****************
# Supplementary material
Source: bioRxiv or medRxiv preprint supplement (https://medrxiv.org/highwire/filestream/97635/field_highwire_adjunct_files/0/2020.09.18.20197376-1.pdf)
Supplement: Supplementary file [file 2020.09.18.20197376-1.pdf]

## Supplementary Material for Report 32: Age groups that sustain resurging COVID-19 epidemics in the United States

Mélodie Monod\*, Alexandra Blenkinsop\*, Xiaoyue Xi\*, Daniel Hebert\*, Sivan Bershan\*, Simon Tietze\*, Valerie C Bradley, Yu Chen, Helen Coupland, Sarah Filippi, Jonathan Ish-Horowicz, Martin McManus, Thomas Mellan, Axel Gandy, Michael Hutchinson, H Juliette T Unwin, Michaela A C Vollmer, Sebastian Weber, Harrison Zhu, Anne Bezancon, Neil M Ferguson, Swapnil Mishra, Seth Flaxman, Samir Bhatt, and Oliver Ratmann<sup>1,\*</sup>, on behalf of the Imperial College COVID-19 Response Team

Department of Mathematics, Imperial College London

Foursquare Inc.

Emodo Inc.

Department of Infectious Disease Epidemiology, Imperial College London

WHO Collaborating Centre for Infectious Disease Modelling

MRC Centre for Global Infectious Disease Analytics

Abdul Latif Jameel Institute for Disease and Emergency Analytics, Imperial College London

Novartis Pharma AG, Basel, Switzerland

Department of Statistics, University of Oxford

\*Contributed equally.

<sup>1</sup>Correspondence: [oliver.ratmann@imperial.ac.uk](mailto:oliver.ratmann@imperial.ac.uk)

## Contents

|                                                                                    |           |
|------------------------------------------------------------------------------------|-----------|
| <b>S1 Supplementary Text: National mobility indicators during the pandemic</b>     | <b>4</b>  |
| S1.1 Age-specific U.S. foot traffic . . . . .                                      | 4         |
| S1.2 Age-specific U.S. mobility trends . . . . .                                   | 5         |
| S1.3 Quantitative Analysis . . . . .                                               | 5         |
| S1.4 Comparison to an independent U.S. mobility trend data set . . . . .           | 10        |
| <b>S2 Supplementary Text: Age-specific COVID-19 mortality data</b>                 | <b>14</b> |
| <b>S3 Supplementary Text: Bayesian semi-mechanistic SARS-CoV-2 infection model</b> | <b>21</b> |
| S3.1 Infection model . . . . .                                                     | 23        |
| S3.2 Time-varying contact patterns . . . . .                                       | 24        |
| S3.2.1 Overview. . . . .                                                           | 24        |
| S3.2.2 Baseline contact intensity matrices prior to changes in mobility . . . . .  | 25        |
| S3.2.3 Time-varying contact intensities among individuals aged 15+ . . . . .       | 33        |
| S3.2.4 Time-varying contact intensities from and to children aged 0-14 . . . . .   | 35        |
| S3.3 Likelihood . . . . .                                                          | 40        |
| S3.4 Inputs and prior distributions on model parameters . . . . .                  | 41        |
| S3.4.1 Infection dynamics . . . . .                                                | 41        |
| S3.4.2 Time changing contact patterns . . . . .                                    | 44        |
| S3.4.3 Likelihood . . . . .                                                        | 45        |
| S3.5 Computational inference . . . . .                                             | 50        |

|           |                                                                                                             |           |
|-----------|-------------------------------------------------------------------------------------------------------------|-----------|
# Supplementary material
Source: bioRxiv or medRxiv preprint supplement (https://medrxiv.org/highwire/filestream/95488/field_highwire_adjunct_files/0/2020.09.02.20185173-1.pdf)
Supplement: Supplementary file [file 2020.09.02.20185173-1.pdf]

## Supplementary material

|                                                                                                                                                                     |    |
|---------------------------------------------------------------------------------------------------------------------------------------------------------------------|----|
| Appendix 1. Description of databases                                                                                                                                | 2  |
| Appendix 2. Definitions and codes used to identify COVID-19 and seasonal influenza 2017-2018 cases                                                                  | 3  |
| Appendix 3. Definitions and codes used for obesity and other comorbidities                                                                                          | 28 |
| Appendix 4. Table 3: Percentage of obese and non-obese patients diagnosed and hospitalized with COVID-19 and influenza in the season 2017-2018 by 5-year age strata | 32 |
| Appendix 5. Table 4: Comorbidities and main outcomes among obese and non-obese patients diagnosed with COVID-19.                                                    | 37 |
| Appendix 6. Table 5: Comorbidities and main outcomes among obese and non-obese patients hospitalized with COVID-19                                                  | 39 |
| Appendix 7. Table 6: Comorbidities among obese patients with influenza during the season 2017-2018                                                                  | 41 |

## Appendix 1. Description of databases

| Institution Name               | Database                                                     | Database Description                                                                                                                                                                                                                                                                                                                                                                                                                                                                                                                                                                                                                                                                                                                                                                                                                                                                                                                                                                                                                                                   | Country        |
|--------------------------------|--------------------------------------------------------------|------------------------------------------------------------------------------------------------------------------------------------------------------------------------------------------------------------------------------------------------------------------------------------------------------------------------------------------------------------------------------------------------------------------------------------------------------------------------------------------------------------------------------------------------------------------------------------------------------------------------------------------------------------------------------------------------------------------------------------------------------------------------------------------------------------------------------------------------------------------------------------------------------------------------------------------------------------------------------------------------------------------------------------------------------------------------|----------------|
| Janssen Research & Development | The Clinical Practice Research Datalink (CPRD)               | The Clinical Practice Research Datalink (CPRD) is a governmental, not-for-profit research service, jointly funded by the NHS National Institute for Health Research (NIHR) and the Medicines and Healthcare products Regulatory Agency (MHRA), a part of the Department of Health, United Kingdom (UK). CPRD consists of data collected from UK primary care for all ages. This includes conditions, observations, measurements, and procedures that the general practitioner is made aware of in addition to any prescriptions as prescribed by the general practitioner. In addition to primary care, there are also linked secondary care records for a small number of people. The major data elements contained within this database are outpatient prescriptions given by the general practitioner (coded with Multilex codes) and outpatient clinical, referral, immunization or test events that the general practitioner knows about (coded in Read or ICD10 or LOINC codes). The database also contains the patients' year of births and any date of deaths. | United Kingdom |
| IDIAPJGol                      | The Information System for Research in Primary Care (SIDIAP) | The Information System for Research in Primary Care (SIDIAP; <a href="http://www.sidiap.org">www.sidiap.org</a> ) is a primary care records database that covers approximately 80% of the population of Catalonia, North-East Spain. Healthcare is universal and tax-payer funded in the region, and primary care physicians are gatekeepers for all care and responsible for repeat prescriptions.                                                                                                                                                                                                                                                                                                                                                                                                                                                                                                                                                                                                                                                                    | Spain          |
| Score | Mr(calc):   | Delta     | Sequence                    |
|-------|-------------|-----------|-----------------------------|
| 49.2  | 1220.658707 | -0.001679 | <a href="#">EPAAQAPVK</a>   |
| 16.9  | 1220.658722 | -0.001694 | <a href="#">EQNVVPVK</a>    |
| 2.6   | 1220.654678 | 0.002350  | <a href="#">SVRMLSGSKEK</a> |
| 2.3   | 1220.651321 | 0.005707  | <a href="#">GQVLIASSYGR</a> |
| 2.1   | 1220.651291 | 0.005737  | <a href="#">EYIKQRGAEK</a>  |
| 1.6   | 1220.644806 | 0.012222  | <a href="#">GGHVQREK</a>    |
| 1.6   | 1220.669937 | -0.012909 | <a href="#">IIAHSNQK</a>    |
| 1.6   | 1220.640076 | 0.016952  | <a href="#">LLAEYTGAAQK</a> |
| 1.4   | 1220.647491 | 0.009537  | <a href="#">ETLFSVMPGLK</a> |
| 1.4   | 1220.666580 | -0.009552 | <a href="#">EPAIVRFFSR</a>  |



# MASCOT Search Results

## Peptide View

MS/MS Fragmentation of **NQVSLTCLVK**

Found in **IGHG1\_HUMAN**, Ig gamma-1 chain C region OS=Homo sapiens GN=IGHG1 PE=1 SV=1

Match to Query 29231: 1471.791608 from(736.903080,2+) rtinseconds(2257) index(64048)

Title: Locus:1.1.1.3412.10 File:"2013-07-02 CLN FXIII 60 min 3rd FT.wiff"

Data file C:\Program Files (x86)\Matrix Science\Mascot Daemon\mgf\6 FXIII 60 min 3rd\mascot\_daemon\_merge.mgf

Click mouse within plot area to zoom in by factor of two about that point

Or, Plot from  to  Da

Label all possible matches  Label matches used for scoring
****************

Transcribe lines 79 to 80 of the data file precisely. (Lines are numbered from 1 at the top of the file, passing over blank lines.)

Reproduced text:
Or, Plot from  to  Da

Label all possible matches  Label matches used for scoring